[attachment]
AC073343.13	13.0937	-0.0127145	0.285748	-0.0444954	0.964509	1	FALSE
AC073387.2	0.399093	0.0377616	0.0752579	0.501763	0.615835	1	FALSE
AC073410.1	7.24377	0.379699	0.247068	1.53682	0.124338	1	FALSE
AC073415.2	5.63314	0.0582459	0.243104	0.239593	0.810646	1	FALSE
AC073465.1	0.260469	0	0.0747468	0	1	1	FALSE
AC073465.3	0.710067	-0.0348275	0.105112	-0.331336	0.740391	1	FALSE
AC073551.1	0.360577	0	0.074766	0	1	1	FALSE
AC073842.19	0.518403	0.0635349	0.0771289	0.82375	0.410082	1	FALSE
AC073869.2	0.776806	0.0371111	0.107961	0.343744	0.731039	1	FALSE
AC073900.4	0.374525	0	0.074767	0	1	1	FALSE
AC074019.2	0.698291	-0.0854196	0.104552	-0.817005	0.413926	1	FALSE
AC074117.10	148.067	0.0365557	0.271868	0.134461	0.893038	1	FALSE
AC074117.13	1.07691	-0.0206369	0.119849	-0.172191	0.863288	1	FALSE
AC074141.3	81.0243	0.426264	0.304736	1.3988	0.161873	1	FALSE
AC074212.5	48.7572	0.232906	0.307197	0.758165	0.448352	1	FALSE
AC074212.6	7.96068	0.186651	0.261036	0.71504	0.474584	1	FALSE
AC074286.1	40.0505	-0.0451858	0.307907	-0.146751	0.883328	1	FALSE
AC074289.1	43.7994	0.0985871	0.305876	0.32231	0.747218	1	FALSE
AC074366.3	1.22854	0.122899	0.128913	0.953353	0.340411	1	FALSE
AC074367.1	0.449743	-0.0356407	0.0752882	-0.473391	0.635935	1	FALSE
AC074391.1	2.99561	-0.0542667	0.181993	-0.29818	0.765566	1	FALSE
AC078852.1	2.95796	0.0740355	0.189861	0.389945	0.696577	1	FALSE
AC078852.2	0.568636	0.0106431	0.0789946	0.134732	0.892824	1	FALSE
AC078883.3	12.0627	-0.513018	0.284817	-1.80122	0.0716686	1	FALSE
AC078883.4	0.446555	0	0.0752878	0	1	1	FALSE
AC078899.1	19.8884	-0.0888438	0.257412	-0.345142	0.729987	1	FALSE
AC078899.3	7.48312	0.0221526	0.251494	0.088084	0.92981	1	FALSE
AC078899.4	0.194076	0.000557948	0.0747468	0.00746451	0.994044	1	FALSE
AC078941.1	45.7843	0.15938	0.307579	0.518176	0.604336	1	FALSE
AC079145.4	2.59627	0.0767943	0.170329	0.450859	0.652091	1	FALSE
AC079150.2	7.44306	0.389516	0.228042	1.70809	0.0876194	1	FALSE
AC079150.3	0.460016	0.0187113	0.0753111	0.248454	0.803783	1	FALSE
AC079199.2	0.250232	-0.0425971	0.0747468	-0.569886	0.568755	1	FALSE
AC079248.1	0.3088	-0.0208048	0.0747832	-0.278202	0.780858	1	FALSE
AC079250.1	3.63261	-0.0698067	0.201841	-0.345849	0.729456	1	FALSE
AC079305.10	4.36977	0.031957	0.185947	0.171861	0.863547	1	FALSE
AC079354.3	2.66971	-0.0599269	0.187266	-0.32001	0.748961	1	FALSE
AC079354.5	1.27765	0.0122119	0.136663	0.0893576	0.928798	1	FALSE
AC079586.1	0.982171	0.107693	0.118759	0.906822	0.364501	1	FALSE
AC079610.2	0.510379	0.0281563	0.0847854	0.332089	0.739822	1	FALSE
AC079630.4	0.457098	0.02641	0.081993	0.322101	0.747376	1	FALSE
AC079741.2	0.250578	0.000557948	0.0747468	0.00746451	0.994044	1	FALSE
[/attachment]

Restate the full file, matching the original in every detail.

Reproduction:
AC073343.13	13.0937	-0.0127145	0.285748	-0.0444954	0.964509	1	FALSE
AC073387.2	0.399093	0.0377616	0.0752579	0.501763	0.615835	1	FALSE
AC073410.1	7.24377	0.379699	0.247068	1.53682	0.124338	1	FALSE
AC073415.2	5.63314	0.0582459	0.243104	0.239593	0.810646	1	FALSE
AC073465.1	0.260469	0	0.0747468	0	1	1	FALSE
AC073465.3	0.710067	-0.0348275	0.105112	-0.331336	0.740391	1	FALSE
AC073551.1	0.360577	0	0.074766	0	1	1	FALSE
AC073842.19	0.518403	0.0635349	0.0771289	0.82375	0.410082	1	FALSE
AC073869.2	0.776806	0.0371111	0.107961	0.343744	0.731039	1	FALSE
AC073900.4	0.374525	0	0.074767	0	1	1	FALSE
AC074019.2	0.698291	-0.0854196	0.104552	-0.817005	0.413926	1	FALSE
AC074117.10	148.067	0.0365557	0.271868	0.134461	0.893038	1	FALSE
AC074117.13	1.07691	-0.0206369	0.119849	-0.172191	0.863288	1	FALSE
AC074141.3	81.0243	0.426264	0.304736	1.3988	0.161873	1	FALSE
AC074212.5	48.7572	0.232906	0.307197	0.758165	0.448352	1	FALSE
AC074212.6	7.96068	0.186651	0.261036	0.71504	0.474584	1	FALSE
AC074286.1	40.0505	-0.0451858	0.307907	-0.146751	0.883328	1	FALSE
AC074289.1	43.7994	0.0985871	0.305876	0.32231	0.747218	1	FALSE
AC074366.3	1.22854	0.122899	0.128913	0.953353	0.340411	1	FALSE
AC074367.1	0.449743	-0.0356407	0.0752882	-0.473391	0.635935	1	FALSE
AC074391.1	2.99561	-0.0542667	0.181993	-0.29818	0.765566	1	FALSE
AC078852.1	2.95796	0.0740355	0.189861	0.389945	0.696577	1	FALSE
AC078852.2	0.568636	0.0106431	0.0789946	0.134732	0.892824	1	FALSE
AC078883.3	12.0627	-0.513018	0.284817	-1.80122	0.0716686	1	FALSE
AC078883.4	0.446555	0	0.0752878	0	1	1	FALSE
AC078899.1	19.8884	-0.0888438	0.257412	-0.345142	0.729987	1	FALSE
AC078899.3	7.48312	0.0221526	0.251494	0.088084	0.92981	1	FALSE
AC078899.4	0.194076	0.000557948	0.0747468	0.00746451	0.994044	1	FALSE
AC078941.1	45.7843	0.15938	0.307579	0.518176	0.604336	1	FALSE
AC079145.4	2.59627	0.0767943	0.170329	0.450859	0.652091	1	FALSE
AC079150.2	7.44306	0.389516	0.228042	1.70809	0.0876194	1	FALSE
AC079150.3	0.460016	0.0187113	0.0753111	0.248454	0.803783	1	FALSE
AC079199.2	0.250232	-0.0425971	0.0747468	-0.569886	0.568755	1	FALSE
AC079248.1	0.3088	-0.0208048	0.0747832	-0.278202	0.780858	1	FALSE
AC079250.1	3.63261	-0.0698067	0.201841	-0.345849	0.729456	1	FALSE
AC079305.10	4.36977	0.031957	0.185947	0.171861	0.863547	1	FALSE
AC079354.3	2.66971	-0.0599269	0.187266	-0.32001	0.748961	1	FALSE
AC079354.5	1.27765	0.0122119	0.136663	0.0893576	0.928798	1	FALSE
AC079586.1	0.982171	0.107693	0.118759	0.906822	0.364501	1	FALSE
AC079610.2	0.510379	0.0281563	0.0847854	0.332089	0.739822	1	FALSE
AC079630.4	0.457098	0.02641	0.081993	0.322101	0.747376	1	FALSE
AC079741.2	0.250578	0.000557948	0.0747468	0.00746451	0.994044	1	FALSE